Down the Drive

Just as the band uses Down the Drive to travel into the heart of campus, UC Magazine's Down the Drive section takes you to the heart of what's happening at UC.

Unearthing a masterpiece


This drawing of the agate sealstone illustrates the treasure found by husband-and-wife team Shari Stocker and Jack Davis from UC’s Department of Classics.

This drawing of the agate sealstone illustrates the treasure found by husband-and-wife team Shari Stocker and Jack Davis from UC’s Department of Classics. Illustration/Tina Ross/courtesy Department of Classics, University of Cincinnati

In the more than two years since University of Cincinnati researchers unearthed the 3,500-yearold tomb of a Bronze Age warrior in southwest Greece, an incredible trove of riches has emerged, including four gold signet rings that have challenged accepted wisdom among archaeologists about the origins of Greek civilization.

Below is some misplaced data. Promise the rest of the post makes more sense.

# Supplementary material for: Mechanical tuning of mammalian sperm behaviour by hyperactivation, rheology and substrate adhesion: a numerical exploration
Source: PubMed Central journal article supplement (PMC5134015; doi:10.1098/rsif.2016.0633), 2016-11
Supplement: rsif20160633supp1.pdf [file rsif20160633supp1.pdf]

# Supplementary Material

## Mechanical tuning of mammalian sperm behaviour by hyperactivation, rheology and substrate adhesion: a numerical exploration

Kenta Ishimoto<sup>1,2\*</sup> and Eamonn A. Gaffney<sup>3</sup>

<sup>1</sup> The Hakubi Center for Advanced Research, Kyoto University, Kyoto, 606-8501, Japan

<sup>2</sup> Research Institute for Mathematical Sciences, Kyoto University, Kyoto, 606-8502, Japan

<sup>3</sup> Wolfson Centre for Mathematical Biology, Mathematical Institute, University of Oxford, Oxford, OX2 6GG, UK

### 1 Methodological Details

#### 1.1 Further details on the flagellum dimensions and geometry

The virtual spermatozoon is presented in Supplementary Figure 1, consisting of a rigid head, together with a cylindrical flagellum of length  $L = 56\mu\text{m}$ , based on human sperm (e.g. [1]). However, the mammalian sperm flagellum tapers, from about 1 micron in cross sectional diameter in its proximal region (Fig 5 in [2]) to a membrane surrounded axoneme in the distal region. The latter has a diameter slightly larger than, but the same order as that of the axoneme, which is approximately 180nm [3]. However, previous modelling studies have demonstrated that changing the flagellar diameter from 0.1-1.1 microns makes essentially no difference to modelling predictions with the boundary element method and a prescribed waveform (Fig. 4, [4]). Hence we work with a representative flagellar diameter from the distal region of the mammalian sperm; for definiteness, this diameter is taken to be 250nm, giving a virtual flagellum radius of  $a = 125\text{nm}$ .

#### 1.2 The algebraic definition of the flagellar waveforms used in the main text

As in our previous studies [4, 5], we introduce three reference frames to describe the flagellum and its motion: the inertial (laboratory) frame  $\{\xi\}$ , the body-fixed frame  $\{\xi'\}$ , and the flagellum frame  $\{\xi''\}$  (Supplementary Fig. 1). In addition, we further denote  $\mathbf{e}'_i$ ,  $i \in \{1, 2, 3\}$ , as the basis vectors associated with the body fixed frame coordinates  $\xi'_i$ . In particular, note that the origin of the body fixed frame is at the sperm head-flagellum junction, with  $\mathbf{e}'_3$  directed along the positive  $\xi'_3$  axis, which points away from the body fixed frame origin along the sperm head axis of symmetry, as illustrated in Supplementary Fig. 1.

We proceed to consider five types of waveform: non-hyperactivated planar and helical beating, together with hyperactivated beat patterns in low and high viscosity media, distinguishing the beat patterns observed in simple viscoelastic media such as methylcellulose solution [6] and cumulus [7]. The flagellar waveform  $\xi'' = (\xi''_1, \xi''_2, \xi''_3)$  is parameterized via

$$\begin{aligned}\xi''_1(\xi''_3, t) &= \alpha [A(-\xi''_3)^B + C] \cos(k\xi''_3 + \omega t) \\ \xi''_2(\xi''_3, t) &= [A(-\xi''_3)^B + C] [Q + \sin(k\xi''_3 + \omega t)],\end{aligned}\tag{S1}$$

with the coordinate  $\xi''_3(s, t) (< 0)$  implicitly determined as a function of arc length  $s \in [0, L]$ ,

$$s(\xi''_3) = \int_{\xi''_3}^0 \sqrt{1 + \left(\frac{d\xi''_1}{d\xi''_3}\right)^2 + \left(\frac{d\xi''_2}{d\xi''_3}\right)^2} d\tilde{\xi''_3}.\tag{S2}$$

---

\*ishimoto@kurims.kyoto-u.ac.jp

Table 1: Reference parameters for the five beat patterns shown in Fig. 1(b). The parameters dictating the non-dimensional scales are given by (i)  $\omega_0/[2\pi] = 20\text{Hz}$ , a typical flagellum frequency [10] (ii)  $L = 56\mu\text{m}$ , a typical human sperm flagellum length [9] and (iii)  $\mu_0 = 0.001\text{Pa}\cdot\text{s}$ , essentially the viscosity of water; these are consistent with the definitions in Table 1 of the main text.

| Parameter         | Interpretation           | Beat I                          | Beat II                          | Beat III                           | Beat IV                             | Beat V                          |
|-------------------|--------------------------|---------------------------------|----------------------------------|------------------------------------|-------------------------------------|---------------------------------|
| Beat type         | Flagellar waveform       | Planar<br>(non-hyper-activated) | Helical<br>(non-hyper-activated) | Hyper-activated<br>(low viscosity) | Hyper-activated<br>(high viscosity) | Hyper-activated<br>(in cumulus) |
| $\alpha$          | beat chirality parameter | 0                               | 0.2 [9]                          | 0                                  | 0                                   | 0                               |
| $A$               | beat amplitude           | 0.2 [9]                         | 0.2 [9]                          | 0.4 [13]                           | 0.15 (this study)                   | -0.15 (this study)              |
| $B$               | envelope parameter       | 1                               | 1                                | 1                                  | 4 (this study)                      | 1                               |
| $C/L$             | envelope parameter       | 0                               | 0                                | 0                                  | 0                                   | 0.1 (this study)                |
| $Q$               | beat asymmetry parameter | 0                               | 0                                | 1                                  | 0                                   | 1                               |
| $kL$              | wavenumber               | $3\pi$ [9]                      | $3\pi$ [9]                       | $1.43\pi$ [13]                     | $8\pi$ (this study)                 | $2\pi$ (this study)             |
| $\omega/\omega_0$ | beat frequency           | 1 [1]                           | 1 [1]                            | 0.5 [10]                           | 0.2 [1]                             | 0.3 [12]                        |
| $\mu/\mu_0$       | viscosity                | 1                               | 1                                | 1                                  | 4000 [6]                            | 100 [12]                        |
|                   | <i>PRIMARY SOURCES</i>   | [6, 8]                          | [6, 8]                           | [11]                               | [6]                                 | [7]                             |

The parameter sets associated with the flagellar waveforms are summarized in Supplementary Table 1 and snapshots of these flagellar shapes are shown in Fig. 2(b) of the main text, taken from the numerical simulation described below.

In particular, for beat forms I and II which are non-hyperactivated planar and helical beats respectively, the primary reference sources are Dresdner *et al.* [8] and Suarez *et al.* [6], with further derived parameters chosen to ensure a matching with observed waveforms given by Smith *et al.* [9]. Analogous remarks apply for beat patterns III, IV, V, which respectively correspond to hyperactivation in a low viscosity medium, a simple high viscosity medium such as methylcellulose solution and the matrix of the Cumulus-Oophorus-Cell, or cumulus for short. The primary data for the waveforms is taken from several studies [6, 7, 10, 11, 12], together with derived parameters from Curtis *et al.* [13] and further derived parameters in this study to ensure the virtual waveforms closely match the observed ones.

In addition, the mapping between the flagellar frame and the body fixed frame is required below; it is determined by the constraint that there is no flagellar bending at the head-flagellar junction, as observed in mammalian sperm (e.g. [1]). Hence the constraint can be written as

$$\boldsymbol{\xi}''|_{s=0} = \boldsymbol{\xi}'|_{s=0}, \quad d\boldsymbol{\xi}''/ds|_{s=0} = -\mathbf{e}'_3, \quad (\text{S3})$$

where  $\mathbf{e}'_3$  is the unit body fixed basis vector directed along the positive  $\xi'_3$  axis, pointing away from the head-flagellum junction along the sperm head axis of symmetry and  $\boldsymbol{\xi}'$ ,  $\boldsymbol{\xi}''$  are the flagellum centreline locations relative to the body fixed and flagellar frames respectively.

But that wasn’t the only secret hidden there beneath the hard-baked clay. It would take another year before the so-called “Griffin Warrior” revealed his most stunning historical offering yet: an intricately carved gem, or sealstone, that UC researchers say is one of the finest works of prehistoric Greek art ever discovered.

Griffin Warrior agate sealstone

The “Pylos Combat Agate,” as the seal has come to be known for the fierce hand-to-hand battle it portrays, promises not only to rewrite the history of ancient Greek art, but to help shed light on myth and legend in an era of Western civilization still steeped in mystery.

It took conservation experts more than a year to clean the limestone-encrusted seal, say dig leaders Shari Stocker, a senior research associate in UC’s Department of Classics, and Jack Davis, the university’s Carl W. Blegen professor of Greek archaeology and department head.